Most innovations in ad-tech involve complex layers of acronyms like CPE, CTR, DSP, SSP and RTB. They involve audiences and validation and white labels and proprietary solutions and actionable insights and impression tracking and third parties and first parties and data. Lots of data. It’s innovative stuff and the companies doing it are creating a lot of value. Really.

But it’s also business that’s conducted in a whole other language that somewhat resembles English. That may explain why I found the latest innovation from video ad company Jun Group to be a breath of fresh air. The company simply made its ads bigger. Much bigger. Like twice the size. How delightfully simple.

Advertisers will probably welcome the change. Jun group’s tests showed that the bigger the ad, the higher the completion rate and the more likely viewers are to share the ad (you read that correctly, people actually voluntarily share advertisements on social media). Jun Group isn’t the only video ad company to recognize the value of the large player–Tremor Video is also seeing much better watch rates on its larger units. A billboard always grabs more attention than a flier. The big videos work.

Tremor’s units go up to 700 x 500 pixels. Jun Group’s are now 800 x 540. It’s like some sort of advertising arms race.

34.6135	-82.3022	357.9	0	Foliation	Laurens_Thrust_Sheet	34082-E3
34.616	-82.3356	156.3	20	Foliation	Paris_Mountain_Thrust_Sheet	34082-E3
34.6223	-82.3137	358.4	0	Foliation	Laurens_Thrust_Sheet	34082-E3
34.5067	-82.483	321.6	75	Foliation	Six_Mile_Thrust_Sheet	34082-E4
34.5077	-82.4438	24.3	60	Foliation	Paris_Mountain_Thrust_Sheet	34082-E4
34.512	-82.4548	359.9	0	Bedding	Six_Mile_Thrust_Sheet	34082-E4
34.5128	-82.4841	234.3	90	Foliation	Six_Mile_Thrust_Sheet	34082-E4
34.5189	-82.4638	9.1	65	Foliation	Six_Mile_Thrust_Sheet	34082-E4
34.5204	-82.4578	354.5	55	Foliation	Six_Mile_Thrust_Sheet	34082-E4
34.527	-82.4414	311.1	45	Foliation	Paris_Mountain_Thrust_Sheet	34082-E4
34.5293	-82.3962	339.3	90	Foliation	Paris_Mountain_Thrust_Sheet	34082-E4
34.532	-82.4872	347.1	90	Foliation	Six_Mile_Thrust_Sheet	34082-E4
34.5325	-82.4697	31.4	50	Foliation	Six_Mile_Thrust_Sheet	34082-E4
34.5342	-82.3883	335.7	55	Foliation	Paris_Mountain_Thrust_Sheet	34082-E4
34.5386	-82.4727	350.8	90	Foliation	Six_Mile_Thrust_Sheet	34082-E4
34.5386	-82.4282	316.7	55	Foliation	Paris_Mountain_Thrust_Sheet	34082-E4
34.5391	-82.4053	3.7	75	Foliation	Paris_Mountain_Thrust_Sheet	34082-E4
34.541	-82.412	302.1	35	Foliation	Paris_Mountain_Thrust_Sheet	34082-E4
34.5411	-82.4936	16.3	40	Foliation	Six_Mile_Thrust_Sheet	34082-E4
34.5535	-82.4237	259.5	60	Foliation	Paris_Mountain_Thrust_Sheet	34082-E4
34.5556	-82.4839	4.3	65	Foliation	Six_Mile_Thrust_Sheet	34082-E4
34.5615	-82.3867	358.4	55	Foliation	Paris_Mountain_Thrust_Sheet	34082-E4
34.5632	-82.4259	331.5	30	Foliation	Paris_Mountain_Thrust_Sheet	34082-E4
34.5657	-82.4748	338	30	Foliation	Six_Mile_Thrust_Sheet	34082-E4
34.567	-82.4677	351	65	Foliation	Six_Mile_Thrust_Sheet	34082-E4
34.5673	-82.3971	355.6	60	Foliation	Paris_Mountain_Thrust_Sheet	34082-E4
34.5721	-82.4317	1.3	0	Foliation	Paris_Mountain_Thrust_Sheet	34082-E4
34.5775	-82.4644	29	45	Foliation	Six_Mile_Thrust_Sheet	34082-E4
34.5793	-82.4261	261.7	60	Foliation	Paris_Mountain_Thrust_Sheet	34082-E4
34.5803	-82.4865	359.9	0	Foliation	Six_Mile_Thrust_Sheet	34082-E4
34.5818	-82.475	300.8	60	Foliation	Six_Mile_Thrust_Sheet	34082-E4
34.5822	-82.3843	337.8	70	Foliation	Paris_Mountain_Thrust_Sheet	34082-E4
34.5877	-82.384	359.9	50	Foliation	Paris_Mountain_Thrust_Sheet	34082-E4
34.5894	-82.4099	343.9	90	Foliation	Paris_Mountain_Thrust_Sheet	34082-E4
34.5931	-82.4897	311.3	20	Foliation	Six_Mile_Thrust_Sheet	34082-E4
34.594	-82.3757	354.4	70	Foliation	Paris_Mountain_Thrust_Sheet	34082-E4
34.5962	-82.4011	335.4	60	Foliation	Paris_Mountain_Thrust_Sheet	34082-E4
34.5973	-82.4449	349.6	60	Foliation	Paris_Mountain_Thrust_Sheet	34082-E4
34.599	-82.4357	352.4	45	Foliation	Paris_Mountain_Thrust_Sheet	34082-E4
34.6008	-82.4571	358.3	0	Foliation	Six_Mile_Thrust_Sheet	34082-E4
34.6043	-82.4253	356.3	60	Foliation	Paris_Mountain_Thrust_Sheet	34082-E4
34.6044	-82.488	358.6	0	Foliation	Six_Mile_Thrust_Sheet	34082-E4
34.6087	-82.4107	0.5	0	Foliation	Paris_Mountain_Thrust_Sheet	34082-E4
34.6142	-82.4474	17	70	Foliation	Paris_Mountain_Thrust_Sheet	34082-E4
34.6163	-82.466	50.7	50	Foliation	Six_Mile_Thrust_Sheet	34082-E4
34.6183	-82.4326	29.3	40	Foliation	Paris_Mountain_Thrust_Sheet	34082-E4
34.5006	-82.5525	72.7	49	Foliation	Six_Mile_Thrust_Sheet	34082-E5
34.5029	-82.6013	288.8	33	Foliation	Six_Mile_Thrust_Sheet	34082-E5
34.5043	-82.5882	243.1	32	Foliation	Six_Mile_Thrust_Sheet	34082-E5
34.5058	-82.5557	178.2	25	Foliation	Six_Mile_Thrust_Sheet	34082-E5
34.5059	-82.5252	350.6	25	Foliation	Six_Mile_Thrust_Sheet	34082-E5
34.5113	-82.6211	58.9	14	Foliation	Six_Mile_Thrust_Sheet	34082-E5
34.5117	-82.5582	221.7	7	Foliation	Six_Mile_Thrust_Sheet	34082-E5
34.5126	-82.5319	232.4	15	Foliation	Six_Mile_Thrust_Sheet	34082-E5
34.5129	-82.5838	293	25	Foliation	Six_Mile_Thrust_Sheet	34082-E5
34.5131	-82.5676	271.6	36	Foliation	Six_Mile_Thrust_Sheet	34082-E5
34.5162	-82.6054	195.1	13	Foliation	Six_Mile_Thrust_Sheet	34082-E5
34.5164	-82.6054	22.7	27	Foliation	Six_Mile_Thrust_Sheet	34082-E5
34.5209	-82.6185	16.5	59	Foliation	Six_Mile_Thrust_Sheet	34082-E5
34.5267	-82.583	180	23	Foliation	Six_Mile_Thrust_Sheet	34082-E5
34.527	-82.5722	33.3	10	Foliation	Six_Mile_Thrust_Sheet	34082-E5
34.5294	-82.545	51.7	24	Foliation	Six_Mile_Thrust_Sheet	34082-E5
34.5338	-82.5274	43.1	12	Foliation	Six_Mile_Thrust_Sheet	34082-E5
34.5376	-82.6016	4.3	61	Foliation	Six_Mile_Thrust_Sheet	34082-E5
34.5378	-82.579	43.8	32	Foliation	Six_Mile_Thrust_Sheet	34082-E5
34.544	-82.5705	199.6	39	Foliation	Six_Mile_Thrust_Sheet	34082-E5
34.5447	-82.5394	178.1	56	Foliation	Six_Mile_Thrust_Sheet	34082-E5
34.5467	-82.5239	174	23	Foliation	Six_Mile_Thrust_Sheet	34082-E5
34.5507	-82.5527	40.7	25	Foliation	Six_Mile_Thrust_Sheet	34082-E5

The question is, do people hate them? At first blush, a bunch of giant screaming video ads sounds like some horrible Times Square version of the Web that I don’t want to surf. But after talking to Jun Group COO Corey Weiner I realized his company is not part of the problem.

Jun Group’s philosophy is that users hate ads when they’re forced to watch them. That should be a no-brainer, but if you look around the web, most publishers haven’t quite picked up on it. “We need to admit that the user is in control,” he says. “You need to let them choose when they want to interact with you.” If you think about it, we are very smart about the way we avoid ad interaction. How many times do you actually watch a pre-roll ad, and how many times do you IM friends, check Twitter, or scroll through another tab while you wait for it to finish?

That’s the driving force behind the “click to skip” ads on Youtube and the ad swap option on Hulu.

Jun Group takes it a step further with its “incentivized” video ad unit. They’re offered in places where users want something for free. By now, most of us have admitted that we will shamelessly give up our data, our time, and our attention to a brand in exchange for something free. That’s why Facebook knows everything about us. That’s why we sit through terrible interstitial ads for each turn in Words With Friends. It’s why we’ll pay for a song download with a Tweet or type in a brand’s message to complete a verification capcha. Regardless of how degrading it might feel, we’re okay with “brand-washing” because free always wins.

Jun Group’s ads are in games and social media, often disguised as anything but an ad. Weiner mentioned the example of a unit offering more points or the opportunity to level up within a game. Click on it, and you get the reward after you watch one of Jun Group’s video ads. You’ve chosen it, so you’re less likely to hate it. And that’s how 95% of people exposed to Jun Group’s video ads watch them to completion. The ads run on dating sites and music streaming sites as well.

Now those opt-in ads are gigantic. Your move, Tremor Video.

Jun Group, based in New York, is profitable. The company raised $2.5 million from Western Technology Movement in 2010.